A more recent study that also used satellite data from 1982-2009 (Figure 1) found that while a small area of the Earth (<4%) experienced leaf loss (browning), 25-50% of the global surface showed a greening during growing seasons. [5] By comparing the results with numerical ecosystem model simulations, it was estimated that 70% of the greening was likely due to “CO2 fertilization,” while 9% was due to increased nitrogen.


Figure 2. Change in percentage of vegetation cover (expressed as Leaf Area Index (LAI)) from 1982-2009 derived from NASA’s MODIS instrument on polar-orbiting satellites. Observed LAI was compared with a 28-year average LAI assuming IPCC scenario S1. (From Zhu et al. 2016)

In the crop-growing regions of the world, droughts and resulting crop failures are strongly related to the short range El Niño and La Niña cycles. But additional effects due to global warming could produce added stress, according to computer models that assume a rise of about 1.8°C by 2030.[6]  The most hard-hit areas are expected to be southern Asia and southern Africa where principal crops (wheat and corn) may be reduced by 10 to 15%.  Unfortunately, these are among the most poverty-stricken regions of the world.  One unknown variable in this projection is rainfall. The computer models don’t agree on how rainfall will change in the coming decades, nor do they consider extremes in temperature and rainfall, which create major stress on plants. Developing drought-resistant varieties of crops or growing different crops entirely would help alleviate this concern.

Warming temperatures, if they occur as predicted, will also likely lead to an increase in insects and plant diseases, which are certain to reduce crop yields in many areas. Increasing CO2 will have some positive effects on crop yields however, helping to compensate for effects of rising temperature. In addition to being an essential compound in photosynthesis, more CO2 will help plants by increasing their efficiency in the use of water.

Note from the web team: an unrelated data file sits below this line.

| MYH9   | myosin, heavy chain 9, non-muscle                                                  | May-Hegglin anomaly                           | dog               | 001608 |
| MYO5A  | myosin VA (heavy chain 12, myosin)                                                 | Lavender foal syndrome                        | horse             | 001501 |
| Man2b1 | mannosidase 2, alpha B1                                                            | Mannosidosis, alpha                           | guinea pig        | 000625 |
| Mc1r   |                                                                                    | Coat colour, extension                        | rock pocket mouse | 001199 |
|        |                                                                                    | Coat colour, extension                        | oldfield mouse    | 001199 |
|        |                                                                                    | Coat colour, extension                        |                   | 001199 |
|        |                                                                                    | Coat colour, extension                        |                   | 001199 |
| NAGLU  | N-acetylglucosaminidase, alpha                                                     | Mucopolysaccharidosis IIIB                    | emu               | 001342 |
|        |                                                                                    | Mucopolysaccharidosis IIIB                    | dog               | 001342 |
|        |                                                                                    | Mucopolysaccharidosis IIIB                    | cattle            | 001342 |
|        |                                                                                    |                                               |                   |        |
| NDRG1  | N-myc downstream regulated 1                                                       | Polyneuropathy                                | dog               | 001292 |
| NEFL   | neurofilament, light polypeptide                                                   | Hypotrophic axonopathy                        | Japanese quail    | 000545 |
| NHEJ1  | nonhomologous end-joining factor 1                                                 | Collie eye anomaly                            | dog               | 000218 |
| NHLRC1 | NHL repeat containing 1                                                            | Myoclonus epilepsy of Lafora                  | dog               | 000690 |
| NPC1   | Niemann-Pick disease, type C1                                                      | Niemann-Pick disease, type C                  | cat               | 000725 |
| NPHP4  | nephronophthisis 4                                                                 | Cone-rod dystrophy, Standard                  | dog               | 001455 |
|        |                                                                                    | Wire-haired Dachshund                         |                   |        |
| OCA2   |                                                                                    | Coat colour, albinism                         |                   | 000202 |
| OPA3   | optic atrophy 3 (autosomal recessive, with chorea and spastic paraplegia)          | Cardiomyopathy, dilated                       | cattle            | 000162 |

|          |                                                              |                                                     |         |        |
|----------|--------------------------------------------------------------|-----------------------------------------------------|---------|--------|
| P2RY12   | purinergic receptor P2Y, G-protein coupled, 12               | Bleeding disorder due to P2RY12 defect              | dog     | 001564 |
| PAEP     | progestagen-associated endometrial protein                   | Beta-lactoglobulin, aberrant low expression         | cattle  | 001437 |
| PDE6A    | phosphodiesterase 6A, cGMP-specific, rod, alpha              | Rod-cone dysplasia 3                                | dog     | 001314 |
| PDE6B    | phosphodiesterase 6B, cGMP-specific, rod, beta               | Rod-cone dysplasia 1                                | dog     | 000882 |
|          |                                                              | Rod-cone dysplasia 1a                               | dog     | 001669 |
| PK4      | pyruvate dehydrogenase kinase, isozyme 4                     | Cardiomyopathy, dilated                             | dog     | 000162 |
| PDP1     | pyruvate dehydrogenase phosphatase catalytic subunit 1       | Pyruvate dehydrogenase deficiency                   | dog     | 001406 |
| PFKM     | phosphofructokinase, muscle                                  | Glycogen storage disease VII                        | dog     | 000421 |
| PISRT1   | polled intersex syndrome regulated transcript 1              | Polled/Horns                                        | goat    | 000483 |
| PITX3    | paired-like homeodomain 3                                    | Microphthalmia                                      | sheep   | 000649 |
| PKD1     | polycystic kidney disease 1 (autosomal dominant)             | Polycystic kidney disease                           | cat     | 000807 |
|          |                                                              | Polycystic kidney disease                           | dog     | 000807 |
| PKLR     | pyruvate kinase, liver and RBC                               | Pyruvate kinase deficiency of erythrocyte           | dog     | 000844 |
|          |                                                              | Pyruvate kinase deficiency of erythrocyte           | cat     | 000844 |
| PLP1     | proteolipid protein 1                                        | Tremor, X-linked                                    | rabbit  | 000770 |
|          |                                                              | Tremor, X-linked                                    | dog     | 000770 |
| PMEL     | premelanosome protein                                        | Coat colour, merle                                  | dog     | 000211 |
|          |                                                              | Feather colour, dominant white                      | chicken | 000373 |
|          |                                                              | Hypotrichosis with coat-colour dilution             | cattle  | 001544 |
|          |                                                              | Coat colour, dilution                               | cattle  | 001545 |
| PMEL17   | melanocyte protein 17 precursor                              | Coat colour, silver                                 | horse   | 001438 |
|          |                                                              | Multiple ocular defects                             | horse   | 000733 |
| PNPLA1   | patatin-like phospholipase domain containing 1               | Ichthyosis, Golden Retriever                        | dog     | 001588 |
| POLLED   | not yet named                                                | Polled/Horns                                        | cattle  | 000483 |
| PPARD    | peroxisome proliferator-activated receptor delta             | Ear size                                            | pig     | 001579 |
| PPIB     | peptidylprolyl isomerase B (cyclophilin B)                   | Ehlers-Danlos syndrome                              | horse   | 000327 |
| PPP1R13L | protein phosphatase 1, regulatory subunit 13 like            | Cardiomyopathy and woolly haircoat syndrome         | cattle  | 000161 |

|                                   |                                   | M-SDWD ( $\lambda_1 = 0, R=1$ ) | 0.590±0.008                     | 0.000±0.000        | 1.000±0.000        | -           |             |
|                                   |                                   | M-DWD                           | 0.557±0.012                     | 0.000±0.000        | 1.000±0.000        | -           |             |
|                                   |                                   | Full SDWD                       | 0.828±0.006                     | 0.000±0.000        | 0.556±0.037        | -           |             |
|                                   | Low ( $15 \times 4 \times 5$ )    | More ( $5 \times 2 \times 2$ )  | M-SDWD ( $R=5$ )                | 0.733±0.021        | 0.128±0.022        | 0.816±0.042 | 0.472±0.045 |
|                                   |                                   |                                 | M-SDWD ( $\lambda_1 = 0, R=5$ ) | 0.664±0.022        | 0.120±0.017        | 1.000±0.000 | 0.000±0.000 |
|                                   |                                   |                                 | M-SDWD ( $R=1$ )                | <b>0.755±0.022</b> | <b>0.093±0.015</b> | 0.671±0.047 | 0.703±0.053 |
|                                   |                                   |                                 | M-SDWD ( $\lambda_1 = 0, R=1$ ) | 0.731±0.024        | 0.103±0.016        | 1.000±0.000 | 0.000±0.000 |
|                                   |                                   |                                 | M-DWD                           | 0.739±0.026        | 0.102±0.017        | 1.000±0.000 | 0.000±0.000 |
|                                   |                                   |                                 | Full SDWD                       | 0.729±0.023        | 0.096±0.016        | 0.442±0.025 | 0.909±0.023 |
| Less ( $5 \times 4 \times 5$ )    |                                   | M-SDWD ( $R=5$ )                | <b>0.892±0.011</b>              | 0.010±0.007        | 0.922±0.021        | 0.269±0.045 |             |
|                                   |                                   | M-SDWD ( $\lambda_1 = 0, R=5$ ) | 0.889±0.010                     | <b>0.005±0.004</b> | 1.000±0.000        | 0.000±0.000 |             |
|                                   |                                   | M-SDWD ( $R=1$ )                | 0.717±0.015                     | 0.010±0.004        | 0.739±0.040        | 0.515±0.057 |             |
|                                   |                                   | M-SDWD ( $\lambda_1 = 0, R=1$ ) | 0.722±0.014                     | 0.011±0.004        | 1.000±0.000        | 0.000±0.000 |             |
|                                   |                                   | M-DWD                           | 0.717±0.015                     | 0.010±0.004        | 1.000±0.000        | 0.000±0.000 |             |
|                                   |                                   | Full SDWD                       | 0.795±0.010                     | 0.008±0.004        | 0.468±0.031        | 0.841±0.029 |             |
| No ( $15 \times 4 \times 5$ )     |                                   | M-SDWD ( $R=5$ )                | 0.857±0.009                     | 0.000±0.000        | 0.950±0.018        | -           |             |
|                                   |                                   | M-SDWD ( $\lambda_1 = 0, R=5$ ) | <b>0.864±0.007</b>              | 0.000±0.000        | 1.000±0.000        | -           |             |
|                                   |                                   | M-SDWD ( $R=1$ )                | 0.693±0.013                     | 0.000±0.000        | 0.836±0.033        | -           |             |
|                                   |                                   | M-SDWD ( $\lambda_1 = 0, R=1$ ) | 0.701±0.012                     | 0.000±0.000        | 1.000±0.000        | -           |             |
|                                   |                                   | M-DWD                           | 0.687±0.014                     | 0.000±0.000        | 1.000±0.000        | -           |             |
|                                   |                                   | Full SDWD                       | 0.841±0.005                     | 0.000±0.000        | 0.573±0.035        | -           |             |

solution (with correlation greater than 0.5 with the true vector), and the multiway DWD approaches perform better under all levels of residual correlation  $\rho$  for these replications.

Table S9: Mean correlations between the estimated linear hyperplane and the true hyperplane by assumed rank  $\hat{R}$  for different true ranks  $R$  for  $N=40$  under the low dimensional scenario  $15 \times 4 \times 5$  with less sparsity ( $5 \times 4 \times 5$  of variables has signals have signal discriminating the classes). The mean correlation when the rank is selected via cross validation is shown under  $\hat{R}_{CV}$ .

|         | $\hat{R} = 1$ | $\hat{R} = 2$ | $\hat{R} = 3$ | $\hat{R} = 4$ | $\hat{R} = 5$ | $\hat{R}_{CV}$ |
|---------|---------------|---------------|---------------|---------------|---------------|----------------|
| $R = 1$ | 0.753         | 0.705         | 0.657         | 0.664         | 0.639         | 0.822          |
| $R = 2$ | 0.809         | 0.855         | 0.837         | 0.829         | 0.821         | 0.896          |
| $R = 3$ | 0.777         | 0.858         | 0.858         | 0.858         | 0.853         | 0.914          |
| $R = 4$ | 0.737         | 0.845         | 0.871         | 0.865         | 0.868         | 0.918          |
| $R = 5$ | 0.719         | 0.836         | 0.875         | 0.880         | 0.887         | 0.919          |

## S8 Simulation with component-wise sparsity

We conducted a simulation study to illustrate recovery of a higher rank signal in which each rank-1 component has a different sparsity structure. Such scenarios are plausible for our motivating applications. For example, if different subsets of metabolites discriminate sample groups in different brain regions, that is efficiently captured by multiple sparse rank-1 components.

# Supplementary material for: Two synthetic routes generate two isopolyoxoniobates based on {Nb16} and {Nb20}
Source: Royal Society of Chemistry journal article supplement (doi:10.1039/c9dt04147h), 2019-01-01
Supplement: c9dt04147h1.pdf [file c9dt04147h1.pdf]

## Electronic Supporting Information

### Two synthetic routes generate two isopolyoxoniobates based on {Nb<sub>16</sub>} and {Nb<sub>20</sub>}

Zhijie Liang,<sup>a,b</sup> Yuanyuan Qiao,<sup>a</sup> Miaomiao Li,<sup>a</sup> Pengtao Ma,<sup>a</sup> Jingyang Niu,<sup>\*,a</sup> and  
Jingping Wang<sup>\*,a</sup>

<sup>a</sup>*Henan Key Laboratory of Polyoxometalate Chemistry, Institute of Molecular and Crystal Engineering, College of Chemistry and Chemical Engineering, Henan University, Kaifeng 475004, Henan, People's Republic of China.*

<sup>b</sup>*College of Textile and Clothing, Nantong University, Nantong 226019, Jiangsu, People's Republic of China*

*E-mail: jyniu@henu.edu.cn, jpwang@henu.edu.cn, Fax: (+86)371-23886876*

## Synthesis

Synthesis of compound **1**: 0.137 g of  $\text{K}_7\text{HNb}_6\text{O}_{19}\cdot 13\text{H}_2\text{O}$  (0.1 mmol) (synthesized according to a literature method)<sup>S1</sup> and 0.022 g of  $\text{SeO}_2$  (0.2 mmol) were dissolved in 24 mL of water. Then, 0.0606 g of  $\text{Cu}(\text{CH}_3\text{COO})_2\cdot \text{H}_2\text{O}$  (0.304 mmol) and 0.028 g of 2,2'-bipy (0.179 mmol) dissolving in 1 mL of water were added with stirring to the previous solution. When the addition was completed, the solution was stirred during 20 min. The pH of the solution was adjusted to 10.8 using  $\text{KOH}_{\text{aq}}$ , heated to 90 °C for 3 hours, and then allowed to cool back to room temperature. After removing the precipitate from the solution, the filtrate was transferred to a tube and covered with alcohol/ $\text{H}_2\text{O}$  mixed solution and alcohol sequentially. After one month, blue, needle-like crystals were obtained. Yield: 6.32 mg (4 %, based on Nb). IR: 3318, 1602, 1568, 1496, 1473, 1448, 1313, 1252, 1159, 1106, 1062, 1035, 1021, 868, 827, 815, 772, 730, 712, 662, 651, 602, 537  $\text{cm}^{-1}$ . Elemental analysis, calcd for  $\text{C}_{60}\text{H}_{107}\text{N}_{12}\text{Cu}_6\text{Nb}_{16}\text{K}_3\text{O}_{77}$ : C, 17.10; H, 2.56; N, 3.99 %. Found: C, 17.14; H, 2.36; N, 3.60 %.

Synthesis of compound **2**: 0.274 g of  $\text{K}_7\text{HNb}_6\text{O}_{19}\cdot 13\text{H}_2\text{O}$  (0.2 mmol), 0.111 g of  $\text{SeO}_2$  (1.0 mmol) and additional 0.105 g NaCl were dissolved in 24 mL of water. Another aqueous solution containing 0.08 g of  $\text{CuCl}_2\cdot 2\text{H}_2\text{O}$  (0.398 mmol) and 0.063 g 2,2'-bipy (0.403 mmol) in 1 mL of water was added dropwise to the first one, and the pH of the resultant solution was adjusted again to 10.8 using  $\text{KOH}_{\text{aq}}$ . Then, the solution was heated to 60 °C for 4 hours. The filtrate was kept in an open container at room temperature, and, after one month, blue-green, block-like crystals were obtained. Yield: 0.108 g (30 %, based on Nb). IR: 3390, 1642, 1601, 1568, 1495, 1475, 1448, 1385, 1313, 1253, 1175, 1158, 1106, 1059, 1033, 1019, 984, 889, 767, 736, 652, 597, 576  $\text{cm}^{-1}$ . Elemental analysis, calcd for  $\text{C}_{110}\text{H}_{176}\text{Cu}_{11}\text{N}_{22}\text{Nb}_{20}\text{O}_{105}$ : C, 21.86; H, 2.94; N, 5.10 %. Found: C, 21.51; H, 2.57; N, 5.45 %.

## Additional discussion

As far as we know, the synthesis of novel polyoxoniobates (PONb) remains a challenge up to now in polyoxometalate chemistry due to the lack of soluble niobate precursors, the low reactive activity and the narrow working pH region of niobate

In summary, droughts seem to be lasting longer and are becoming more severe in many parts of the globe, although compared to the medieval period, they are not as severe by comparison. The effects of predicted global warming on drought cycles and crops are expected to be mixed, resulting in more pronounced drought and crop failures in some areas, and increased rainfall in others, including some desert areas where winter rains are relied upon. However, predictions of cataclysmic drought and crop failures seem to be contradicted by recent satellite observations of increased plant area coverage globally over the past few decades due to the positive effects of CO2.


  1. Intergovernmental Panel on Climate Change (IPCC) Report, 2001: https://www.ipcc.ch/report/ar3/wg1/
  2. Woodhouse, C. A. and J. T. Overpeck, 1998: Bulletin of the American Meteorological Soc., 79, page 2693.
  3. Ault, T. and S. St. George, 2018: Unraveling the mysteries of megadrought. Physics Today, August issue, pages 44-50.
  4. Donohue, R., M. Roderick, T. McVicar and G. Farquhar, 2013: Impact of CO2 fertilization on maximum foliage across the globe’s warm, arid environments. Geophysical Research Letters, Vol. 40, pages 3031-3035.
  5. Zhu and co-authors, 2016: Greening of the Earth and its drivers. Nature Climate Change, doi:10.1038/nclimate3004.
  6. Lobell, D. B., Burke, M. B., Tebaldi, C., Mastrandrea, M. D., Falcon, W. P., Naylor, R. L., 2008: Prioritizing climate change adaptation needs for food security in 2030. Science, Vol.319 (5863): 607-610

Next: Heavy Precipitation and Flooding